Next in Line
He strode silently into the square, as unnoticed and alone as ever. Dreadlocks snaked off his skull. Faded blue jeans and a white t-shirt hung from his emaciated body. He carried a bag.
I hadn’t seen him, our failed experiment of a man, since the procedure. And he had changed, the years of isolation leaving him scarred and withered. But I recognized him at once. Of course I did. What we had done, I would never forget or forgive.
He stopped in the middle of Market Square, sat cross-legged on the cobblestones and closed his eyes. In his left hand he clutched a bag, which was made of cloth and might have been a pillowcase. His right hand twitched at his side, rhythmically keeping time to some inaudible beat. For more than a minute, he sat. Until he opened his eyes and got to work.
First, he opened the bag. He pulled out a small white towel, folded it into a square and placed it in on the ground before him. He reached back into the bag and withdrew a small wooden chopping block. Next, he set the bag aside and emptied his pockets, summoning a lighter, a small notebook and five short pencils. He lined them up neatly next to the chopping block.
Sam was the only other person to notice him. He watched from a bench about 100 feet away.
I sat next to Sam, though he did not know it. Sam could not yet see me.
As always, Sam carried a notebook. He observed, he took notes, he wrote about “the man with the dreadlocks,” unaware that the man’s name was Robert. He noted the way Robert’s skin glistened and he wondered why. It was a warm spring day in Pittsburgh, yes, but not so warm that he should be covered in sweat.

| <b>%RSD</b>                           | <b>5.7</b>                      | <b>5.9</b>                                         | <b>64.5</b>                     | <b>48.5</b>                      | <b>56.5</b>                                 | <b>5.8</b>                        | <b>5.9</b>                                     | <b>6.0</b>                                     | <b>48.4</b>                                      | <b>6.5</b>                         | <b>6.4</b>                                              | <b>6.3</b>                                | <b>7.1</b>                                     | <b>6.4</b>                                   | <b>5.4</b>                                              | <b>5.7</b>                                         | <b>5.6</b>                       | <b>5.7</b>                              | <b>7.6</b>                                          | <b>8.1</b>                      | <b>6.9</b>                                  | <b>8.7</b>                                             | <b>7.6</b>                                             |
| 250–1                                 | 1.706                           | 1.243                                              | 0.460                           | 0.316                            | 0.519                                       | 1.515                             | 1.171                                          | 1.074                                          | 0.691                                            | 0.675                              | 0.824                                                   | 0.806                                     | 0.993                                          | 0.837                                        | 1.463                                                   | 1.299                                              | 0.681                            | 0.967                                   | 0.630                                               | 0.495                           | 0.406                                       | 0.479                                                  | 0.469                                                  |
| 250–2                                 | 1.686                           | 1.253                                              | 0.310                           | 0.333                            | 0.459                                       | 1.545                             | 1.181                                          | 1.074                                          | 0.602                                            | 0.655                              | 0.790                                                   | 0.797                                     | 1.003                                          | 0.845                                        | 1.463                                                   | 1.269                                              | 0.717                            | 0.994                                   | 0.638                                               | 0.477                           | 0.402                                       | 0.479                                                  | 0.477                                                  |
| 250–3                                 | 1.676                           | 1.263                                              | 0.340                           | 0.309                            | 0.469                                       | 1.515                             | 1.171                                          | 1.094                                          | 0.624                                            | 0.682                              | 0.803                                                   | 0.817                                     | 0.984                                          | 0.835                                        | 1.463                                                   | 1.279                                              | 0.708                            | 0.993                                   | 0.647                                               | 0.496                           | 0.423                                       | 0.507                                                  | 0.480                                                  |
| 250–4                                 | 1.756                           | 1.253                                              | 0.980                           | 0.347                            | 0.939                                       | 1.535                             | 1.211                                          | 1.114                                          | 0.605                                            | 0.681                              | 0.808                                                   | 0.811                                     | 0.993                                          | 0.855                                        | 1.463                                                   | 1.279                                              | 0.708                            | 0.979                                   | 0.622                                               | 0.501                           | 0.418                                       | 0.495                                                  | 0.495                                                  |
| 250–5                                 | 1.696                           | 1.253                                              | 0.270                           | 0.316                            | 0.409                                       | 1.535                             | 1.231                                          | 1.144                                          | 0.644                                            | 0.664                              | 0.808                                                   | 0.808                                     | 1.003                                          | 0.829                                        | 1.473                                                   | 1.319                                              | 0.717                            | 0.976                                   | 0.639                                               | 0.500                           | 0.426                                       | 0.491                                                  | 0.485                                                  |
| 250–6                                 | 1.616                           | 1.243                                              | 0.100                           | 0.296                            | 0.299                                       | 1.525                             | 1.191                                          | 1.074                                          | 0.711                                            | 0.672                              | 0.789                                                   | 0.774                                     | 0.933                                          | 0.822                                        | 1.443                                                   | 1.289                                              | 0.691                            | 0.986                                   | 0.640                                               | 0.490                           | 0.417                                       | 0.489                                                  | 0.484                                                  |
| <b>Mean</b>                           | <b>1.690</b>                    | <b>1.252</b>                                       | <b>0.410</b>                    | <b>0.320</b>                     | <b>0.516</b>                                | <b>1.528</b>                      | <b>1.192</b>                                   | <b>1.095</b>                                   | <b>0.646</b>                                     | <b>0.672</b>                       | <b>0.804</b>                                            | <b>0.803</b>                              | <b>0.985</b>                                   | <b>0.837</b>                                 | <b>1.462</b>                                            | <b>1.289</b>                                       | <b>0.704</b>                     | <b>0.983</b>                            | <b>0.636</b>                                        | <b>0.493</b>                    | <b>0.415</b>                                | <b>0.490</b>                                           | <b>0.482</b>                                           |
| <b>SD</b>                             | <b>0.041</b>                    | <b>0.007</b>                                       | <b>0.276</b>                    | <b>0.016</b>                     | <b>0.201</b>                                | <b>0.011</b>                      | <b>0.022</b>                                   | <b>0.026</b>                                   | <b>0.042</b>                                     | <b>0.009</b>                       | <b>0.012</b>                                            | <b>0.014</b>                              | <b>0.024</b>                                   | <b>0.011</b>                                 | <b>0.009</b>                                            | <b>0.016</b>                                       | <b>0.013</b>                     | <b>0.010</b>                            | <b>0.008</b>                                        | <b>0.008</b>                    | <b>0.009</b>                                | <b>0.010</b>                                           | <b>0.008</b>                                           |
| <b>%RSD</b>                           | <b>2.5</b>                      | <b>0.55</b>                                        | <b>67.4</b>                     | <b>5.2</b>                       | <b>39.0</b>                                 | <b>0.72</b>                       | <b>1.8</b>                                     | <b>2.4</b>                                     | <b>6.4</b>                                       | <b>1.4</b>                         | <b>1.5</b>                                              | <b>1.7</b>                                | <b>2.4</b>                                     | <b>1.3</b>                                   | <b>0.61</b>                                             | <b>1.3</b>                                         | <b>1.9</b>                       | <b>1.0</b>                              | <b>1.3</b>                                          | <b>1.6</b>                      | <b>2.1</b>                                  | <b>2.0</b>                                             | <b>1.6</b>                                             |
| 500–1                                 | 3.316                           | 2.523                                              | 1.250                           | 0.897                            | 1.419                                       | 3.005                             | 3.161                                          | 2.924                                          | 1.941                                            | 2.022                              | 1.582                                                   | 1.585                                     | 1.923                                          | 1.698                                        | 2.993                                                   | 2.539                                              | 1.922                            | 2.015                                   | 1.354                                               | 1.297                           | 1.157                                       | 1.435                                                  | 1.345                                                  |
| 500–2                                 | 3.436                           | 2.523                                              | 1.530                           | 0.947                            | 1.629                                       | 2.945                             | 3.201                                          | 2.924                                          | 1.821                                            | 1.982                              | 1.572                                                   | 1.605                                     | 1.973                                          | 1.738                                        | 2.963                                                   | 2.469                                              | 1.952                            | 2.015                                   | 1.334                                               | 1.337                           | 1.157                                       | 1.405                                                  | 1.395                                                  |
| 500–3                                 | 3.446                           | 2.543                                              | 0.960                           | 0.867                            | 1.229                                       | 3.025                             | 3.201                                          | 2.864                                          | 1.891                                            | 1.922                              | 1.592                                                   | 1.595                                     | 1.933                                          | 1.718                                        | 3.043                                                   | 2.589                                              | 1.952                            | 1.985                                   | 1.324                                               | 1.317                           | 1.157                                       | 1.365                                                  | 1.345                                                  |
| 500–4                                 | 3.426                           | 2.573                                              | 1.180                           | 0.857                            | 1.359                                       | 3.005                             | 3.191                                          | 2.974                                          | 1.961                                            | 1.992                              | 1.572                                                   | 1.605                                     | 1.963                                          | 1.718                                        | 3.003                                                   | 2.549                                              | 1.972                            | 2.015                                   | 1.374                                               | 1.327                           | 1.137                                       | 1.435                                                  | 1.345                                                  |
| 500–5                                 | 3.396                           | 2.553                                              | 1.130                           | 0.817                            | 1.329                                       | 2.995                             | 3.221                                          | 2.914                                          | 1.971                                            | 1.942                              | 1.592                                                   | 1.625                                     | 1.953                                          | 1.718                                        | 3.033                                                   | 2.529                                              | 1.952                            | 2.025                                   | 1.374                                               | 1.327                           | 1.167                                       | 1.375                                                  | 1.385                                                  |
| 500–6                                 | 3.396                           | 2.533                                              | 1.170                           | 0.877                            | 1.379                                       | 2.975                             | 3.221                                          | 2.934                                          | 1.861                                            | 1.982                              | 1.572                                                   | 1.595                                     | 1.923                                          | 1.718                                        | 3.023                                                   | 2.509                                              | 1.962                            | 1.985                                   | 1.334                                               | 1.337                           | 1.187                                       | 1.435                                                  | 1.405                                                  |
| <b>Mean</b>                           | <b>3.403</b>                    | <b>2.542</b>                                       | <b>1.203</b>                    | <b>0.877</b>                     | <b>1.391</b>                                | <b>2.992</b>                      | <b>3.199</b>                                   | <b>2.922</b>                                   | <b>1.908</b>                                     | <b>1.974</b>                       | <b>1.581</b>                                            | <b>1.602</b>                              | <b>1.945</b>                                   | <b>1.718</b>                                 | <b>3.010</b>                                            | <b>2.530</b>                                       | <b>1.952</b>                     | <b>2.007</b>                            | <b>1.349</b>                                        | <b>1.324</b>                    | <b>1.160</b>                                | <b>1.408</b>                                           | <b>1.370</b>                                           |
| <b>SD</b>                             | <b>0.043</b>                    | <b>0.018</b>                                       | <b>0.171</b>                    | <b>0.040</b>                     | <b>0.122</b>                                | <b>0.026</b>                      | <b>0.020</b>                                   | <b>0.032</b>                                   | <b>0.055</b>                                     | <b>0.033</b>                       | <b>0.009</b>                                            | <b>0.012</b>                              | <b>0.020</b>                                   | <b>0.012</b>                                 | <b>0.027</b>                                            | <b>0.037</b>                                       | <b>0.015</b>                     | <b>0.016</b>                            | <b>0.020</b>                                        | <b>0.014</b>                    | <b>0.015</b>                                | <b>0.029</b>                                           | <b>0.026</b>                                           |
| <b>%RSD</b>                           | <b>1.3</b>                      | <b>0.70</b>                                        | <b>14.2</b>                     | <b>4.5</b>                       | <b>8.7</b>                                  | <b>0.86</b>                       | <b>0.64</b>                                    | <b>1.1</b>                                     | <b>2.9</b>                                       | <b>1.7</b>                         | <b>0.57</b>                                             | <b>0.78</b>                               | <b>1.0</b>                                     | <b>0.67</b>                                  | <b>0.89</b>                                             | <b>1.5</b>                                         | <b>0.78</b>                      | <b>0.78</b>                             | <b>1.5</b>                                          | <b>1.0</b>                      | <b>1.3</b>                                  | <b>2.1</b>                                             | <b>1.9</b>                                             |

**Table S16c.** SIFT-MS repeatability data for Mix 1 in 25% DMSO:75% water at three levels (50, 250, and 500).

Robert began to sway. His mouth was moving—he seemed to be speaking, but the constant din of the square washed away his words. Sam continued to watch, not because he knew what was to come, but because his new and still undiscovered abilities told him that something was to come. So he observed Robert’s clothes, his hair, his movements, the items on the towel in front of him. He tried to note the reactions of passersby, but nobody else seemed to see Robert. And they didn’t. Not yet.
As if Robert too were having trouble seeing himself, he held his hands directly in front of his face. He turned them over slowly and examined each outstretched finger.
Then, with no warning, no indication that this was his plan, Robert wrapped his right hand around the small finger of his left hand. He pulled, and his face contorted with concentration. Robert pulled so hard that his arms shook and his knuckles burned red. He pulled for several seconds until—suddenly and jarringly—he ripped the finger off his own hand.
Sam gasped. It must be an illusion, he thought, looking around the square to gauge others’ responses. But nobody in the square reacted. Sam concluded that Robert must be a regular here, that everyone else had already seen this act.
Robert placed his finger on the chopping block, then grabbed the next finger up, the ring finger. Again, he pulled. And again, after much effort, the finger simply popped off, bands of flesh and ligament trailing behind as he placed the freed digit on the towel next to his pinky finger. Blood leaked from his hand and dripped down his wrist.
Sam rose from the bench, determined to reveal the hoax or stop it if it weren’t. As Sam crossed the square, Robert moved on to his middle finger. But there was too much blood; he could not get a grip. He used the towel to wipe the finger clean, then yanked again, but he bled so quickly that his efforts were useless. His hand slid repeatedly off his slippery middle finger.
So he pulled out a knife.
Sam was now twenty-five feet away, close enough to observe in great detail as Robert placed his mutilated hand on the chopping block, then sliced off his middle finger.
Then his index finger.
Then his thumb.
And still, nobody noticed. Sam and I were the only people in the square who saw. As I watched the panic rise in Sam, I did not move. Everything I could have said at that moment would only have made this worse for him. And worse would come soon enough.